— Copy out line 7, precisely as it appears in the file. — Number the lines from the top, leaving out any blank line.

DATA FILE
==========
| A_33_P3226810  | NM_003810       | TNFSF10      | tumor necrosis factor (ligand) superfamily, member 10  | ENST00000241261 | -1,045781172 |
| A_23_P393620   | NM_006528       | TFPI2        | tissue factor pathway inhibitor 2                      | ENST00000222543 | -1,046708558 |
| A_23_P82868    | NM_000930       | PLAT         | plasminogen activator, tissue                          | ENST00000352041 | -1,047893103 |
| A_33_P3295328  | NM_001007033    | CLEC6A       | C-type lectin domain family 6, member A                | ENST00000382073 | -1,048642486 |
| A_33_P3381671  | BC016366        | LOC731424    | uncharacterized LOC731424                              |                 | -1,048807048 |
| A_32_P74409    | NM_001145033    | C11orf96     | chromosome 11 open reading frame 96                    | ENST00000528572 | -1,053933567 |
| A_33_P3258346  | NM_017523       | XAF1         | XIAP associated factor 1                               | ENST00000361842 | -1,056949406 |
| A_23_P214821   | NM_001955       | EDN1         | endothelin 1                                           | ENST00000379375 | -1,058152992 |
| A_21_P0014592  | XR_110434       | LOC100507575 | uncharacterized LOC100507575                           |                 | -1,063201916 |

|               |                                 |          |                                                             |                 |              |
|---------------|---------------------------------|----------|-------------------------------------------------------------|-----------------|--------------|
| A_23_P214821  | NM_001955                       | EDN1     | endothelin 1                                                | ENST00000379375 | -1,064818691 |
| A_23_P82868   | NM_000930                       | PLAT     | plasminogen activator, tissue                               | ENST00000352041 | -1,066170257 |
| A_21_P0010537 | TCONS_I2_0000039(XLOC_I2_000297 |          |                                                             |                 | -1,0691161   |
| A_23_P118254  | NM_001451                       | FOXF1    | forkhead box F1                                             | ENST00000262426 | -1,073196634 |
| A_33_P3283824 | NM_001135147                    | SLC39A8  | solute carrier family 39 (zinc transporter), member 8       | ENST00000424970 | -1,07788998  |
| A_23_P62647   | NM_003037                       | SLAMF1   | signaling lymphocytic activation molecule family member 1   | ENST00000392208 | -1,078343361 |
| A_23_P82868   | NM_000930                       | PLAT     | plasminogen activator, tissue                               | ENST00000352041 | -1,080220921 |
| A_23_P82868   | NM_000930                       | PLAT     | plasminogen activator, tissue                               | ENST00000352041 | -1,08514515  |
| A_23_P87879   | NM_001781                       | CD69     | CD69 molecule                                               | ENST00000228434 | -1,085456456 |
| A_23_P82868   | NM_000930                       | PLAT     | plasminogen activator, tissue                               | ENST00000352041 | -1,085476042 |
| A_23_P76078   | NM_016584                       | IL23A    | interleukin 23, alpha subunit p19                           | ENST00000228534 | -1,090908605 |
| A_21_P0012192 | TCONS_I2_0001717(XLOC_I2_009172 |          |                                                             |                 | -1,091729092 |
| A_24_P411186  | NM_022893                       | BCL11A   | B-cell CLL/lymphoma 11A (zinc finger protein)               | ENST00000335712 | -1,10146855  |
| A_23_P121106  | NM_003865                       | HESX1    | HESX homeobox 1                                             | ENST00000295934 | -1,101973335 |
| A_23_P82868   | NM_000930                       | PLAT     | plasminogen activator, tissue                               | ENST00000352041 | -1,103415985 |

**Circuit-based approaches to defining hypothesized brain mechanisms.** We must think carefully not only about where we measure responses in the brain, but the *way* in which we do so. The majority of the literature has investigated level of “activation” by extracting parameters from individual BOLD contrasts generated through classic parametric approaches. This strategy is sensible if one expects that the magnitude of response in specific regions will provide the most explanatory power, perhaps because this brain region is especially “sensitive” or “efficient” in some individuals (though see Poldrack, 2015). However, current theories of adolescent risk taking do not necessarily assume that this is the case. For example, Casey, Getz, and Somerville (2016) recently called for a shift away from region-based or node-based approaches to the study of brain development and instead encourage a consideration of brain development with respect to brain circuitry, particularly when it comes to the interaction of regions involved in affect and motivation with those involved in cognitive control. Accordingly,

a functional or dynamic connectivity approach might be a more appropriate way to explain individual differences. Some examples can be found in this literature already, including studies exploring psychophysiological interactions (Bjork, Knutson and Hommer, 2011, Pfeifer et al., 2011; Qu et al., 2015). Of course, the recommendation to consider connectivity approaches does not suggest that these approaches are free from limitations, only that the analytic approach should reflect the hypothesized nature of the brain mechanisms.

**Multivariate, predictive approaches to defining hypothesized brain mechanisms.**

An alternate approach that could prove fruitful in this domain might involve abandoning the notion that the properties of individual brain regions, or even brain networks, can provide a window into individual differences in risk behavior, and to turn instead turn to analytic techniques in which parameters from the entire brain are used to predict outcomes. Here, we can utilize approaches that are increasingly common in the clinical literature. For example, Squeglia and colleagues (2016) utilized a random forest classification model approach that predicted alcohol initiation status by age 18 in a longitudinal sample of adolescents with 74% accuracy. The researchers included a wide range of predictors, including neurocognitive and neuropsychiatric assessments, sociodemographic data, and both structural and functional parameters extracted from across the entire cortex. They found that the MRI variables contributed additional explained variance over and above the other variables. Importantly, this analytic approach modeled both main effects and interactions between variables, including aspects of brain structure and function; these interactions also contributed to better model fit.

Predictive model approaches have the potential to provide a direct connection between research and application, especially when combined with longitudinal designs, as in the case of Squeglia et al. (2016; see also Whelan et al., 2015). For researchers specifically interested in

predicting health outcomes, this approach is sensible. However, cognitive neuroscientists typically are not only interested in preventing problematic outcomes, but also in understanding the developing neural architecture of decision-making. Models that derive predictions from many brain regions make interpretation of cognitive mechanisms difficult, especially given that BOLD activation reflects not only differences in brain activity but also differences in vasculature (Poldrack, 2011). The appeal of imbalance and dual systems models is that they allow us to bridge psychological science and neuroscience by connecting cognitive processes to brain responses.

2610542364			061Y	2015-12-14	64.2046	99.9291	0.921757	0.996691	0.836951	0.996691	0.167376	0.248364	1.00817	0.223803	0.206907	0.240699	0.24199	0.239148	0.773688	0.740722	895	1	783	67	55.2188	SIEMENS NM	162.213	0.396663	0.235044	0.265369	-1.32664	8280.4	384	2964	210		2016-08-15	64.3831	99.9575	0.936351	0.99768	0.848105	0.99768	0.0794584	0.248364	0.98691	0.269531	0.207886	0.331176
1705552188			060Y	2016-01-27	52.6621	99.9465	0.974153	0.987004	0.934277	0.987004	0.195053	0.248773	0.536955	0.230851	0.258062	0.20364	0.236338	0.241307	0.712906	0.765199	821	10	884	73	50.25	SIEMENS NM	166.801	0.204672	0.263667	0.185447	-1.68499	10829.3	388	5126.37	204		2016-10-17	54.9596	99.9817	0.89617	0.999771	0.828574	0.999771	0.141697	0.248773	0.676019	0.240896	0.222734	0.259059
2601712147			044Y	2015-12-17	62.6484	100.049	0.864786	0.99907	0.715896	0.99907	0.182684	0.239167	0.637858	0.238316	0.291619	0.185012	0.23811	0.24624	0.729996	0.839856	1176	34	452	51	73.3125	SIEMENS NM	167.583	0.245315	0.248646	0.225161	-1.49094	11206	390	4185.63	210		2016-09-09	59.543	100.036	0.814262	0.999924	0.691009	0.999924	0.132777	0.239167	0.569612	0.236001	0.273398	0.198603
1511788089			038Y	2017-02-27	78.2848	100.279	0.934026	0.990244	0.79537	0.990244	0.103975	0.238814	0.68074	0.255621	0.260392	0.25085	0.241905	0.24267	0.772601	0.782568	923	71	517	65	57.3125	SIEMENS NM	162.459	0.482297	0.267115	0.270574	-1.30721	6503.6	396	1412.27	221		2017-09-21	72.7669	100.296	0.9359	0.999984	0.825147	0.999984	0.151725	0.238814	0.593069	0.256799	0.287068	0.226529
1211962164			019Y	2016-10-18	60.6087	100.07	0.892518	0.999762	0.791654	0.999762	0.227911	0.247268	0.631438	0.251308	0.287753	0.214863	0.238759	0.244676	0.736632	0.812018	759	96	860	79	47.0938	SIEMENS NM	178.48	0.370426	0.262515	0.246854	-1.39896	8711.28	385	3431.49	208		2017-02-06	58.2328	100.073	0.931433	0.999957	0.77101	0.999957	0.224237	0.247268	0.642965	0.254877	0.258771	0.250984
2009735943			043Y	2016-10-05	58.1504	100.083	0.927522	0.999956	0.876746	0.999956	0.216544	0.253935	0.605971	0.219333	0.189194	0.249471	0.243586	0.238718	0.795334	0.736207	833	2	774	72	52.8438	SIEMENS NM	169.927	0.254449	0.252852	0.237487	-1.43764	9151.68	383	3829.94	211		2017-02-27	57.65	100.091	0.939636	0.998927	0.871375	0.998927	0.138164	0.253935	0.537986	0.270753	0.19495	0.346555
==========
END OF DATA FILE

| A_33_P3258346  | NM_017523       | XAF1         | XIAP associated factor 1                               | ENST00000361842 | -1,056949406 |